In the many processes of life, timing is everything. It affects not only when we sleep and when we're awake, but our eating and nutrition, our ability to work and perform complex cognitive tasks, the autonomous functions of the heart and other organs, even our fertility. Studying the natural clocks and rhythms that govern life on the genetic level is the specialty of Amita Sehgal, PhD, the John Herr Musser Professor of Neuroscience. Her chief model is the fruit fly, which is providing keen insights into sleep in its most basic form.
One of the most important clocks of the body is in the liver. Fruit flies have an equivalent organ called the fat body, also containing its own clock. When Sehgal and her research team purposely desynchronized the fat body clock with the master clock by feeding the flies at irregular times, they found that fruit flies actually produce fewer eggs than flies that are kept under normal conditions, implying a connection between this cyclical disruption and fertility.
Sehgal's lab is also probing into the previously inaccessible "black box" of the molecular pathways that underlie the physiological processes that connect the brain clock to sleep. Her team found that in the fruit fly, one of these connections involves a microRNA (miRNA) which works through the Upd protein to regulate the JAK/STAT pathway. The Upd protein appears to play a crucial role in maintaining a normal rest/activity rhythm, with a miRNA called miR-279 controlling Upd.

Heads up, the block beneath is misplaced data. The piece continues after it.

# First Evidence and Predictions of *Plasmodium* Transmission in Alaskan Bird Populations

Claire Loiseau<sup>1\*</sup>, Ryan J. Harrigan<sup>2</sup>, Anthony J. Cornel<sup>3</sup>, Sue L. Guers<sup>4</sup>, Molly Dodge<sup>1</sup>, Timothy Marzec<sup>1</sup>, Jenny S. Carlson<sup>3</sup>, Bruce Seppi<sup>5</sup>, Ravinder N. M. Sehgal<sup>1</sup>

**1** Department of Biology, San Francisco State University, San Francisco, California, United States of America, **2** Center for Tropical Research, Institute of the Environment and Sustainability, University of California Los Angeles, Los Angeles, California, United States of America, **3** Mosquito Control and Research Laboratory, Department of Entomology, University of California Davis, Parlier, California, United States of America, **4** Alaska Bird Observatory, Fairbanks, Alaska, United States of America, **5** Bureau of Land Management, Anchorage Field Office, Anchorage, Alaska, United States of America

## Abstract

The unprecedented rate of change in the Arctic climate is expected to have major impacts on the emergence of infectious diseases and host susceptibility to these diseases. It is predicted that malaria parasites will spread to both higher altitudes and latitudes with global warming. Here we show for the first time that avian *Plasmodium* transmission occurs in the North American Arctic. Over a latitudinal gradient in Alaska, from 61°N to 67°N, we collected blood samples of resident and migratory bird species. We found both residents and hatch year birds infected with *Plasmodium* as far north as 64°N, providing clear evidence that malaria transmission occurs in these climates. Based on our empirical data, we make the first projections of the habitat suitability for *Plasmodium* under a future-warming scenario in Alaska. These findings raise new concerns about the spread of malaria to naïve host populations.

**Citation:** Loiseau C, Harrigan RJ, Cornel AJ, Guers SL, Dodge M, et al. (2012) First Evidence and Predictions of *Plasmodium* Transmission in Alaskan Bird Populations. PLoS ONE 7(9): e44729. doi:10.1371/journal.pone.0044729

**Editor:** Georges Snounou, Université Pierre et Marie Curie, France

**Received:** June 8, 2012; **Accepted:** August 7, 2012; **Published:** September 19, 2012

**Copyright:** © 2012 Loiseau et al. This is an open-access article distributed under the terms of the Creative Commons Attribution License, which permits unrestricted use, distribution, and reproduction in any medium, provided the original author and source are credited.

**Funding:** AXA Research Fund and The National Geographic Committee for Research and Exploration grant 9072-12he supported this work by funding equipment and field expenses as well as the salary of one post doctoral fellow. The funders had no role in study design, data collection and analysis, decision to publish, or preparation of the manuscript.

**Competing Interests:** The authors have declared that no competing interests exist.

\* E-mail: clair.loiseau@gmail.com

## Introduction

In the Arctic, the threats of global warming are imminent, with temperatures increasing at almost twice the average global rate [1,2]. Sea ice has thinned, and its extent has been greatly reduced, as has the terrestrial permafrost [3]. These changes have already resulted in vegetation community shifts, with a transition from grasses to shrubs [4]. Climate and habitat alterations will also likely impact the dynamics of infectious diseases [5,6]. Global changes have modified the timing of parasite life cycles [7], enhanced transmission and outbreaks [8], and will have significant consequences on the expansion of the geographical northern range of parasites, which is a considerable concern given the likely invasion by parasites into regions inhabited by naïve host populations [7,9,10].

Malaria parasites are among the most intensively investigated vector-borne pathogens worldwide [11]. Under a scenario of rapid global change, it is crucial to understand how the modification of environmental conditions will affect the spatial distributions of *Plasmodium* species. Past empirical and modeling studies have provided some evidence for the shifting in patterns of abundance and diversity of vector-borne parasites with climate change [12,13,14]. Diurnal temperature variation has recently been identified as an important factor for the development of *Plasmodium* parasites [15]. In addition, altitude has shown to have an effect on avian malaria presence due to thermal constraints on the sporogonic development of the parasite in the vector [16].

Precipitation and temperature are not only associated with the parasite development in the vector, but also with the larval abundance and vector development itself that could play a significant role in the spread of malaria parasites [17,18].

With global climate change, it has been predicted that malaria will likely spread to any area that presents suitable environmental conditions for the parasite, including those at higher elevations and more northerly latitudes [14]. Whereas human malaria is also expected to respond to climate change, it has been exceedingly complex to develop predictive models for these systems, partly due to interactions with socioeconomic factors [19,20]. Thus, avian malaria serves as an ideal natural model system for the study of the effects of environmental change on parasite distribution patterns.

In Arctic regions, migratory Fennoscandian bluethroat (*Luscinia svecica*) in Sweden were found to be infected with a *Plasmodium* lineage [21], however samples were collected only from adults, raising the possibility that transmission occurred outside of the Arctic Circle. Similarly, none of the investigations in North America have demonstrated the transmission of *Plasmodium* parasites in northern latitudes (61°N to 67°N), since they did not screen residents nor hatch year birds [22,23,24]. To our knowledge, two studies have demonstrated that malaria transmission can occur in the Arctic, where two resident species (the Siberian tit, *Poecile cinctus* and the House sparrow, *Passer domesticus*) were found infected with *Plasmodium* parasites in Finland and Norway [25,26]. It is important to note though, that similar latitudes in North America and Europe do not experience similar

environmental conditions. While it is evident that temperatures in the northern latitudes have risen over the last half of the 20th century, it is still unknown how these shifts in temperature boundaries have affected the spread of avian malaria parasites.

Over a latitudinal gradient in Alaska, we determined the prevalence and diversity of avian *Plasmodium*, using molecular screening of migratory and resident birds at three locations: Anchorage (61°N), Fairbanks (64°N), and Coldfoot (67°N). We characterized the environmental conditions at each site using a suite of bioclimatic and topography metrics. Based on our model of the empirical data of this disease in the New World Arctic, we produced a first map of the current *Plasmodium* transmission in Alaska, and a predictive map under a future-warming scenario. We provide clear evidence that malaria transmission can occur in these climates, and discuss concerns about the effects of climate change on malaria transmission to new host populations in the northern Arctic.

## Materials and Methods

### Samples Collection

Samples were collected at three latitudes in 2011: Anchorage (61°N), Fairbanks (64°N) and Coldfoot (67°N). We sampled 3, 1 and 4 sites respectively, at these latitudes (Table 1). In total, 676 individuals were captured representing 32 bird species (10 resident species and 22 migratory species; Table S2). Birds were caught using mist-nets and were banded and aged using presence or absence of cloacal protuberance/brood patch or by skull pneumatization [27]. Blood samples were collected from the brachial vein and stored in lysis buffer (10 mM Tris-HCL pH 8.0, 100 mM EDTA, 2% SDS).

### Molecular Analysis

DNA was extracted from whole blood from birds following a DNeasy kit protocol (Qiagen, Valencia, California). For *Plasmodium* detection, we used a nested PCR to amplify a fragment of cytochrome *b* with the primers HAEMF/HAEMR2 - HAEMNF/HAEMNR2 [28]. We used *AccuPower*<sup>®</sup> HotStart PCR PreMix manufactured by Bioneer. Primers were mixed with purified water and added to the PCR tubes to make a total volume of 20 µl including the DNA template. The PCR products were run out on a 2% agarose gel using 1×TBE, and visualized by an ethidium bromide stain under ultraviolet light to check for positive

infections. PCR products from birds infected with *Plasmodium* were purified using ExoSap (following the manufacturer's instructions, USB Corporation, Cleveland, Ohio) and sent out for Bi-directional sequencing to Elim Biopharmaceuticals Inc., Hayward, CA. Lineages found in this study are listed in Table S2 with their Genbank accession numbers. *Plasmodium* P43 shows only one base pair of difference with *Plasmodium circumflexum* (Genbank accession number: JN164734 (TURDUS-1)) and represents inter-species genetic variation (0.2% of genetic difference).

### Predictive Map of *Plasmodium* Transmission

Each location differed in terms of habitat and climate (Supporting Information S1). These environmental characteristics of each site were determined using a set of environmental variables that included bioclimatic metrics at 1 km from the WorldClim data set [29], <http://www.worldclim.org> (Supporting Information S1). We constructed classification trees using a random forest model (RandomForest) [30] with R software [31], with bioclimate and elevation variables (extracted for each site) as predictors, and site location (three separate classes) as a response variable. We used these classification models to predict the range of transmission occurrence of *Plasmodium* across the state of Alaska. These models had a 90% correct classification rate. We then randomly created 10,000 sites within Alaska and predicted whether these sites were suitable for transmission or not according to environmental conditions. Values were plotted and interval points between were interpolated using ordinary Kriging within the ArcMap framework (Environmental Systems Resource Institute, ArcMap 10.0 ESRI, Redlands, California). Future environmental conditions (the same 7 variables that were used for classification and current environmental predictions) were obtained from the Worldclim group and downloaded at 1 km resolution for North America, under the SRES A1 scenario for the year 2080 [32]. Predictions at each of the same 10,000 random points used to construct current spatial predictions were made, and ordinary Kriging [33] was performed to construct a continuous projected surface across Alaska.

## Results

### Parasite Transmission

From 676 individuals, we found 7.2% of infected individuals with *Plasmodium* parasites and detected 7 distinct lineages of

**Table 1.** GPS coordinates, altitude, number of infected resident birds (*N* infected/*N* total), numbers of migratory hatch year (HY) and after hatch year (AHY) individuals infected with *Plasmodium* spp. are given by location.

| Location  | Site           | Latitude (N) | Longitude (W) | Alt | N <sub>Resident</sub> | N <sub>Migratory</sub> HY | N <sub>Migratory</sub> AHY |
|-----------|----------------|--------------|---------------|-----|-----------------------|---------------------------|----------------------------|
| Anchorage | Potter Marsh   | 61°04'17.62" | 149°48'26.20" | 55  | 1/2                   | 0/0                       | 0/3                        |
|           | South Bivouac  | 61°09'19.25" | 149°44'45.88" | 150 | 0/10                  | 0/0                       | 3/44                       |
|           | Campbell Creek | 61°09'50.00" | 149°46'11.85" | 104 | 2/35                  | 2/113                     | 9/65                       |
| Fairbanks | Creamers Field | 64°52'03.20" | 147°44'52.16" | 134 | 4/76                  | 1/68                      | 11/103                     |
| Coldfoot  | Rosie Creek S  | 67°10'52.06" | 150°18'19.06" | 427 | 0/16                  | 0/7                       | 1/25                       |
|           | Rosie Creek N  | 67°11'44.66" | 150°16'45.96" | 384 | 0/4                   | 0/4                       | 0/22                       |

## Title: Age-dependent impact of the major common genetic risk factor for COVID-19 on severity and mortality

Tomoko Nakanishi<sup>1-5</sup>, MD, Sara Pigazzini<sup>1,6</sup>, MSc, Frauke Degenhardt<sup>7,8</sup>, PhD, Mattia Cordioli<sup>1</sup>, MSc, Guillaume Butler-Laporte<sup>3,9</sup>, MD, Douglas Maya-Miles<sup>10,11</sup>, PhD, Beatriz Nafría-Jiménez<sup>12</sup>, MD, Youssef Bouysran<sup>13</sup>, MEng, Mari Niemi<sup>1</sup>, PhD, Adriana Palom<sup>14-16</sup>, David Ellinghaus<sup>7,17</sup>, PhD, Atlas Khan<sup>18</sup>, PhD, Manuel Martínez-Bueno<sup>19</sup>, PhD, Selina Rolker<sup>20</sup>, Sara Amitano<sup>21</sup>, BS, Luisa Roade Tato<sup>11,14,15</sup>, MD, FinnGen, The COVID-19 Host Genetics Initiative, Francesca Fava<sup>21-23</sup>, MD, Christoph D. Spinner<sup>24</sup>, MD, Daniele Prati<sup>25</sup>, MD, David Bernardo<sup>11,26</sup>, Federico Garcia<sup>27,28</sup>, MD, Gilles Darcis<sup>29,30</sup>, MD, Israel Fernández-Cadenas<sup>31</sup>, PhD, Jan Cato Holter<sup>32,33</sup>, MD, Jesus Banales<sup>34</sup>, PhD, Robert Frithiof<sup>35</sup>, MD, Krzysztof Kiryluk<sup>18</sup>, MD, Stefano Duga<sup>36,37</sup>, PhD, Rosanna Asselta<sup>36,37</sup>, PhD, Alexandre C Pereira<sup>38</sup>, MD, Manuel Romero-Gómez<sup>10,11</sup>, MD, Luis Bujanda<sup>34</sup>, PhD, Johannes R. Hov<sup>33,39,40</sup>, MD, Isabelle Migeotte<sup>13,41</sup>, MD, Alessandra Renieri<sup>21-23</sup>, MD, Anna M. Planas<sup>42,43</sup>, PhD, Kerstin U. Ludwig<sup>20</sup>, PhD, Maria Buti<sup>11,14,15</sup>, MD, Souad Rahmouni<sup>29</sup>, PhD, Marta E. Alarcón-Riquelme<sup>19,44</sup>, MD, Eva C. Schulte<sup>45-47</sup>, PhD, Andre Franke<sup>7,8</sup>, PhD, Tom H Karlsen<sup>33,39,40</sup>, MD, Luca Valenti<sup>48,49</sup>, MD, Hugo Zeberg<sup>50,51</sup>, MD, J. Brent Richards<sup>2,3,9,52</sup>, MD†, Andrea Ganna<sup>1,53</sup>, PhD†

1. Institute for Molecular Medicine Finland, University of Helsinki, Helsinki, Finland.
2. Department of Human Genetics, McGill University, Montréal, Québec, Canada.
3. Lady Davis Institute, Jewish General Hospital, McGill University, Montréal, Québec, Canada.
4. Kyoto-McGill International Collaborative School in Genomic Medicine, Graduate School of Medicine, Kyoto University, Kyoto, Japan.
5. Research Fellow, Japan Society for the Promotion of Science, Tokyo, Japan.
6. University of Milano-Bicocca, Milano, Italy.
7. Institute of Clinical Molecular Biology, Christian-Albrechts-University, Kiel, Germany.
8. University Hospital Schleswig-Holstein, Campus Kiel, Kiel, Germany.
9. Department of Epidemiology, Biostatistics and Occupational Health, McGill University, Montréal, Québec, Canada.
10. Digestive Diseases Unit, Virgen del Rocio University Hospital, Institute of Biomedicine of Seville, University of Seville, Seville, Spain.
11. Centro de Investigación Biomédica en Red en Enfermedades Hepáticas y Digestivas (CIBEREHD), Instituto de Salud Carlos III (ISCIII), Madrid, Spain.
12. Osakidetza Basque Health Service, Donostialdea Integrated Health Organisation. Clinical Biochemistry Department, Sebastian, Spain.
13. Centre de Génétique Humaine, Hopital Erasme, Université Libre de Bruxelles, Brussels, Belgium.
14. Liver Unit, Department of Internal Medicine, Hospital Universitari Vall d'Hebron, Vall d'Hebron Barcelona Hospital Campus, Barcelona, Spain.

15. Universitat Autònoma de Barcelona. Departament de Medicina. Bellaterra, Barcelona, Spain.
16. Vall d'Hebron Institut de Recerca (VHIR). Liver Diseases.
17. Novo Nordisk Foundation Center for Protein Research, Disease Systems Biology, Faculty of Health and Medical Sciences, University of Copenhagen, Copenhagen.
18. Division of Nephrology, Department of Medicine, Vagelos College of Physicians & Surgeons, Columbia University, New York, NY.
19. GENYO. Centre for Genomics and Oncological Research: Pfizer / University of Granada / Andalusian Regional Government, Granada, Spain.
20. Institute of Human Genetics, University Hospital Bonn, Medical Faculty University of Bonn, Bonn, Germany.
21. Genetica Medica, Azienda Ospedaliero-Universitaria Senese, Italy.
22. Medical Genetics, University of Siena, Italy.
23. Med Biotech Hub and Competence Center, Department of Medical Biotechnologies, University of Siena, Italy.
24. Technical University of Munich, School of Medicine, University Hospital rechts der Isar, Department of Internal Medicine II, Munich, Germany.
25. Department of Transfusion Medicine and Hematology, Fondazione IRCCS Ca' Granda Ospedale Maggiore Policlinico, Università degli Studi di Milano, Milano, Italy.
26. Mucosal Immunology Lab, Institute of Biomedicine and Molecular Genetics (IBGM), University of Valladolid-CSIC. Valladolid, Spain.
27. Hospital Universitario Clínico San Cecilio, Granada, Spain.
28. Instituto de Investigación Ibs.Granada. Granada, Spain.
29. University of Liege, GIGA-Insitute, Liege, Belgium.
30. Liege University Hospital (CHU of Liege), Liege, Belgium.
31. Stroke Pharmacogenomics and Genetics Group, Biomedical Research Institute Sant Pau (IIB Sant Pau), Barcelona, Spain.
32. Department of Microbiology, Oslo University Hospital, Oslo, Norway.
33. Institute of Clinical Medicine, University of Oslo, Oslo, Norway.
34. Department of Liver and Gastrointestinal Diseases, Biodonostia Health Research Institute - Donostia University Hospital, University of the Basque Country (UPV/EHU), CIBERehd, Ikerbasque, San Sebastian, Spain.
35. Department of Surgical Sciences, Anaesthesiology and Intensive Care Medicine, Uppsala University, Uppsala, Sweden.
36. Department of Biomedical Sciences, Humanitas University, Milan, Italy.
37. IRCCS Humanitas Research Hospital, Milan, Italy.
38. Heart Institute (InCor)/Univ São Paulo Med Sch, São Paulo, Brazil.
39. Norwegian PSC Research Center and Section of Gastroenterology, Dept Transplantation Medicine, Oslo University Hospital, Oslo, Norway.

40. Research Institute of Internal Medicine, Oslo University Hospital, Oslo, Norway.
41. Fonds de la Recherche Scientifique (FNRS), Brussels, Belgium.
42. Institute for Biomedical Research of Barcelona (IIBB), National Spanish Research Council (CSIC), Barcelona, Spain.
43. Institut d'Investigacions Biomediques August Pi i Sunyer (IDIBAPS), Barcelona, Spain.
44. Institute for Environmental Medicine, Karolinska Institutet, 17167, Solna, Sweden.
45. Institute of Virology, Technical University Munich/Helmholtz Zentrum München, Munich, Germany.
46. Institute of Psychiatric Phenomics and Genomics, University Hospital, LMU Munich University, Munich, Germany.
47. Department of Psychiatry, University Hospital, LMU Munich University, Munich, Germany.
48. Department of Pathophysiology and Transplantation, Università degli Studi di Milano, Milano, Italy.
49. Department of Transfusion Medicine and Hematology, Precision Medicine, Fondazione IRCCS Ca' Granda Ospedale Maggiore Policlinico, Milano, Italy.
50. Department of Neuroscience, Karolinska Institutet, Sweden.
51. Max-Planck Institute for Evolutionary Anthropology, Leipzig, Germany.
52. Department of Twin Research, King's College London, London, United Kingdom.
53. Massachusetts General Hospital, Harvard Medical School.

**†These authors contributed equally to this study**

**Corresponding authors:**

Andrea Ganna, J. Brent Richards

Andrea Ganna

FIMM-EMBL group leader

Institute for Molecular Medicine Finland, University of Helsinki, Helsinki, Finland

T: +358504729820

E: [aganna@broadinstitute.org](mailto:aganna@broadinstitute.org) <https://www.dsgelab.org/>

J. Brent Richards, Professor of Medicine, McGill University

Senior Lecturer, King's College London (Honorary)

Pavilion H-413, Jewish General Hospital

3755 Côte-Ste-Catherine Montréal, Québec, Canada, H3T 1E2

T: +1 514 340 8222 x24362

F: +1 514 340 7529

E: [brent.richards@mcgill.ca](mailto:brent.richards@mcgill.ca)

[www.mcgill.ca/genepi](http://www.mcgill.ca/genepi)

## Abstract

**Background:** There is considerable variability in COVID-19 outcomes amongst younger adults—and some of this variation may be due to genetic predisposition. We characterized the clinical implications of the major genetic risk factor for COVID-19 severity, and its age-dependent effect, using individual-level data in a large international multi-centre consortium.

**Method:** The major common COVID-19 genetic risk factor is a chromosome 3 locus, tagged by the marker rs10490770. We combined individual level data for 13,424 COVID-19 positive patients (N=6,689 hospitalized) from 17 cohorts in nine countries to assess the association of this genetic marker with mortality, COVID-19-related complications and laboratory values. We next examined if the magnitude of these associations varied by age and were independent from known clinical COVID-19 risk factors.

Although fruit flies, like humans, are naturally diurnal (active during the day, sleeping at night), Sehgal uncovered a mechanism that may reverse that cycle through increased levels of the dopamine neurotransmitter, similar to a phenomenon called "sundown syndrome" that occurs in people with dementia or other cognitive impairments. The elevated dopamine is associated with increased activity of the CRY (cryptochrome) photoreceptor, also normally inactive at night.
The timing of when we sleep versus are awake is controlled by cells in tune with circadian rhythms of light and dark. Most of the molecular components of that internal clock have been worked out, but how much we sleep is regulated by another process called sleep homeostasis, like that in the roundworm studies. The Sehgal lab found a new protein involved in the homeostatic regulation of sleep in the fruitfly. They conducted a screen of mutant flies to identify short-sleeping individuals and found one, which they dubbed redeye. These mutants show a severe reduction in the amount of time they slumber, sleeping only half as long as normal flies. The redeye gene encodes a subunit of the nicotinic acetylcholine receptor. This type of acetylcholine receptor consists of multiple protein subunits, which form an ion channel in the cell membrane, and, as the name implies, also binds to nicotine. Although acetylcholine signaling -- and cigarette smoking -- typically promote wakefulness, the particular subunit studied is required for sleep in Drosophila.